Management. Steve, thank you. Just picking up on the ISE data a little bit earlier this week on the manufacturing side. Not great at so echoing some of this bit of a bit of anger this morning. We think the next big story for markets will be a sharp loss of growth momentum in response to aggressive monetary tightening. They are not constructive on European equities. A prosperous new year. T.K., if they put a big question mark on that, this is important.
Steve WHITING just said there dovetails perfectly with his colleagues, Stuart Kizer, on what Citigroup sees as what's called the jargon is a diminished choice that you're sitting at your desk and you've got to figure out what to do. And there's fewer and fewer ideas, John. Because of the new constraints and of course, one of those constraints is money finally costs something. But I love Rod Stewart. Kaiser said it was 10 days ago, two weeks ago. I love it. WHITING says here that there's just really there's fewer things to pick right now. In the new consensus on that, though,
it's buy bonds if there is something we can agree on. Well, they are lining up to start 23 said of a conversation yesterday from Deborah Cunningham, I thought was brilliant with him, as I'm not saying I agree with her. But she said, look, you're going to clip the coupon this year if you're lucky, and that's an outlier call.
Well, but there are a growing number of people that I keep going back to. Arabella Farooqi said this collision course between the Fed and where market expectations are right now and they're kind of going to be doing an uncomfortable DAX that will create volatility throughout the year. And that's going to create perhaps a premium for a coupon that can give you income to offset that, but not much more.
Looking forward to premium reveal on this. She's going to join a little bit later this morning. Some take a fantastic lineup for you on these payrolls.
Friday prayer, Mr. FTSE. Coming up a little bit later, we'll catch up with some possibly of RTS following that, Randy Kroszner, formerly of the Federal Reserve. And Jeff Rosenberg of BlackRock after the jobs number added a bit later. Look at your equity market. We shape up as follows on only S&P 500 equity features an absolutely nowhere coming to this jobs sprint and a couple of hours time. We're positive by what? A little more than a tenth of 1 percent. You know, it's up almost a single basis
point on a 10 year 370, say 53 euro dollar not too much at 1 2 5 0 6. And what a choppy week has been for crude, just about holding onto seventy four seventy four dollars a barrel and positive a half of 1 per cent on this payrolls Friday. Your estimate this morning is two hundred and two thousand from New York. This is pulling back. Keeping you up today with news from around the world with the first word. I'm Lisa Matteo. Today's U.S. jobs report will help determine what the Federal Reserve does next on interest rates. The estimates are that employers added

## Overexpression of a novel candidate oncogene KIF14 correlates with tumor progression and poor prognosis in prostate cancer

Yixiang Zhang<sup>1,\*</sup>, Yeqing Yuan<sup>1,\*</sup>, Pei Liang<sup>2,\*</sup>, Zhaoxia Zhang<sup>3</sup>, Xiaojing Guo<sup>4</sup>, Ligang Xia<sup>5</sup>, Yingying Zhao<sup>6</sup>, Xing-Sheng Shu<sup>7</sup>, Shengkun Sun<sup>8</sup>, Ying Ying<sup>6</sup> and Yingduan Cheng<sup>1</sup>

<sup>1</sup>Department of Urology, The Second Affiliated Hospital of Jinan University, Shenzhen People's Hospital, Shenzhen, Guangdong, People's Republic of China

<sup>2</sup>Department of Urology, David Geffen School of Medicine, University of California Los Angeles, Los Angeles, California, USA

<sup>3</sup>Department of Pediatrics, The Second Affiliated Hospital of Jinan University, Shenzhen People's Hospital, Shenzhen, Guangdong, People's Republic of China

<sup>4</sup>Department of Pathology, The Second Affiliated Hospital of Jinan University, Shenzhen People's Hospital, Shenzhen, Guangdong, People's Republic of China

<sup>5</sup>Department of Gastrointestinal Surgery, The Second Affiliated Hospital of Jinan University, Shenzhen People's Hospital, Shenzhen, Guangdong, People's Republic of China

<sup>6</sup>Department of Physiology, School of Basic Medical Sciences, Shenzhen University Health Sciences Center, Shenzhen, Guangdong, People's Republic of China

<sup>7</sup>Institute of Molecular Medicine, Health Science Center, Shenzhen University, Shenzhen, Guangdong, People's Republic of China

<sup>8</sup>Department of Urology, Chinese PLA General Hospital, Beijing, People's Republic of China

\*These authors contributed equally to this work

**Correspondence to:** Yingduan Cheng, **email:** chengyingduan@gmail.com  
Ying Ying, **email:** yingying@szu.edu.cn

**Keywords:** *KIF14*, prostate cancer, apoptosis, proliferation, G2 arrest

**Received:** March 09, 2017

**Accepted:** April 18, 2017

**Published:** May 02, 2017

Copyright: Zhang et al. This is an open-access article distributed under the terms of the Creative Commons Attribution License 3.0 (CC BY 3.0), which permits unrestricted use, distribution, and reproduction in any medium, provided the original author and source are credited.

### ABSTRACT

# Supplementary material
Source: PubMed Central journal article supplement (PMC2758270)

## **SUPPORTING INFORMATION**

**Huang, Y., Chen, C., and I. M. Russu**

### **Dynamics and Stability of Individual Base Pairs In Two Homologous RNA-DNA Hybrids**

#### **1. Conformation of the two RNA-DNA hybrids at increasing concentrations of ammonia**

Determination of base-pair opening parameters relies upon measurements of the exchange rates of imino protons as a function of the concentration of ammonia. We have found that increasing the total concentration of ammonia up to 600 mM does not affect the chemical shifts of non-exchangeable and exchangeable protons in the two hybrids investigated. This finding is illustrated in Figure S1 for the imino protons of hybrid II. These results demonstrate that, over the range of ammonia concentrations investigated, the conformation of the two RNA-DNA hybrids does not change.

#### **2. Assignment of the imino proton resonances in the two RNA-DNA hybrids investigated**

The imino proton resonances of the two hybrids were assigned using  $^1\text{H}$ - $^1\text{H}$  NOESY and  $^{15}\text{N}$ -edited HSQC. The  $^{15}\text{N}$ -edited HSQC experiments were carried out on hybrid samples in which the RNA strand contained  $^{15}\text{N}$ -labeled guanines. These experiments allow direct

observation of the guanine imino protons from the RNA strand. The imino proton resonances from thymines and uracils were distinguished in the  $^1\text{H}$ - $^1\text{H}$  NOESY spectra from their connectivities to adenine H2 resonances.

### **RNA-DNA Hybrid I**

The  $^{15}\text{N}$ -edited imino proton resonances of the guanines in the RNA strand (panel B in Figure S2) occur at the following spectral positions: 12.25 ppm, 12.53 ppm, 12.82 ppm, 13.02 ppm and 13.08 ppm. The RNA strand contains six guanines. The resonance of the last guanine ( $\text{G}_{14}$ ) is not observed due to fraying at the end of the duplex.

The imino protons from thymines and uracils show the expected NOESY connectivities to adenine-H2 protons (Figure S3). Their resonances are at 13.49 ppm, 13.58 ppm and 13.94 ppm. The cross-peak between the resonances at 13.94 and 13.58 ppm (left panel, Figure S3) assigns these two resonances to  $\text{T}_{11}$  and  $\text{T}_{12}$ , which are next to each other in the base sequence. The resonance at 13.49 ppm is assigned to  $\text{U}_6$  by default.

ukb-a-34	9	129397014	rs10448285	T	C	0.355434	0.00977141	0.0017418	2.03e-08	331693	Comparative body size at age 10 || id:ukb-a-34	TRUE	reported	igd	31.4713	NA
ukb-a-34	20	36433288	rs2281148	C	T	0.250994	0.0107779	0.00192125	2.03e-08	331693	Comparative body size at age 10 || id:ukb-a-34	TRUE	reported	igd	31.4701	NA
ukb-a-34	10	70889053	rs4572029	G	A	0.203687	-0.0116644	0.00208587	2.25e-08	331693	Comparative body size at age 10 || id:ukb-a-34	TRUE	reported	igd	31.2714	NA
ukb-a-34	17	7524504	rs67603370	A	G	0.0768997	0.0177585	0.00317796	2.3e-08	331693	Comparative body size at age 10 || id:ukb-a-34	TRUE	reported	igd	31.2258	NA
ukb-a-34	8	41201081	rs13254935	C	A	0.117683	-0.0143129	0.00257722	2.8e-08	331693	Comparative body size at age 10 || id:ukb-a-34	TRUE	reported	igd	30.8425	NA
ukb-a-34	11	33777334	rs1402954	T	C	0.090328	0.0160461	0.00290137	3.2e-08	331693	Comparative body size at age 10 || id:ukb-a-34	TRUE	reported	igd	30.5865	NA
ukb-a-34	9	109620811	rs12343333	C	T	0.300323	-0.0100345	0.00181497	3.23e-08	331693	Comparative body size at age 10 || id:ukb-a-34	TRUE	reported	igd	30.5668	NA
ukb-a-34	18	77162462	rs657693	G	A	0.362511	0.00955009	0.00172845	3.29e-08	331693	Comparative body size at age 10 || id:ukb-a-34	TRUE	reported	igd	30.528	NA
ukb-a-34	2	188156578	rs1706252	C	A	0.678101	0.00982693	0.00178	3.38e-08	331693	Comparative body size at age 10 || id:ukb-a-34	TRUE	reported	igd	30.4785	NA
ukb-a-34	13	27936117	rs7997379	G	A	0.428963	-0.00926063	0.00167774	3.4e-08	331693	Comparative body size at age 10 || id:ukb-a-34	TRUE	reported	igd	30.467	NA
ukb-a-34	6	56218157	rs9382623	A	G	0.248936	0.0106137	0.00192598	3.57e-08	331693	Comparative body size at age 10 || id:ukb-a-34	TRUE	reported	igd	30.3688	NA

fewer jobs last month and this indicates a cooling in the labor market. That would reduce the need for higher rate hikes. But data released Thursday show the job market is still resilient. Inflation in the eurozone has returned to single digits for the first time since August. That's feeling hopes that the bloc's worst ever spike in consumer prices has peaked. Prices in December were up nine point two percent from a year ago.
Slower growth in energy costs was a big reason. Republicans making history on Capitol Hill. Party dissidents have blocked Kevin McCarthy from becoming speaker of the House on 11 ballots. That's a post civil war record. The standoff has left Republicans fractured after they reclaim the majority. McCarthy has offered concessions to hard
line conservatives, but so far he hasn't been able to get enough votes. Russia is seeking more cash from commodity producers and state owned companies to help offset the costs of the war in Ukraine. Proposals include one time payment from fertilizer and coal companies. Russia's budget has been increasingly squeezed by higher military spending and an economy battered by international sanctions. And that holiday travel meltdown is prompting Southwest Airlines to revise its financial outlook before reporting fourth quarter results. The airline canceled almost 16000 flights over eight days.
Southwest says it is assessing the costs of flight disruptions and compensation to passengers for hotels and meals. Global news 24 hours a day on air and on Bloomberg Quicktake, powered by more than twenty seven hundred journalists and analysts in more than 120 countries. I'm Lisa Mateo. This is Bloomberg.
It's time for the Republicans to get their act together. And we as Democrats are ready, willing and able to partner with them to find common ground whenever and wherever possible. Not as Democrats, not as Republicans, as Americans. It's time for Congress to get to work. Representative Hakeem Jeffries, Democrat from New York Life from New York City on this payrolls Friday, counting it down to pay, rose about two hours and 13 minutes away.
Your market action looks like this. Sunny S&P 500 futures positive by just a tenth of one per cent, trying to raise some of the losses at a week so far. Heading for a fifth straight consecutive loss on the S&P 500 on a weekly basis in the bond market. It would have been lower for the week so far. Yields try to push higher by almost a
basis point right now on a 10 year at 372 35. We've had some data from Europe this morning. I'll touch on that briefly. Eurodollar at 1 2 5 0 7. We've got a problem with core CPI over in Europe.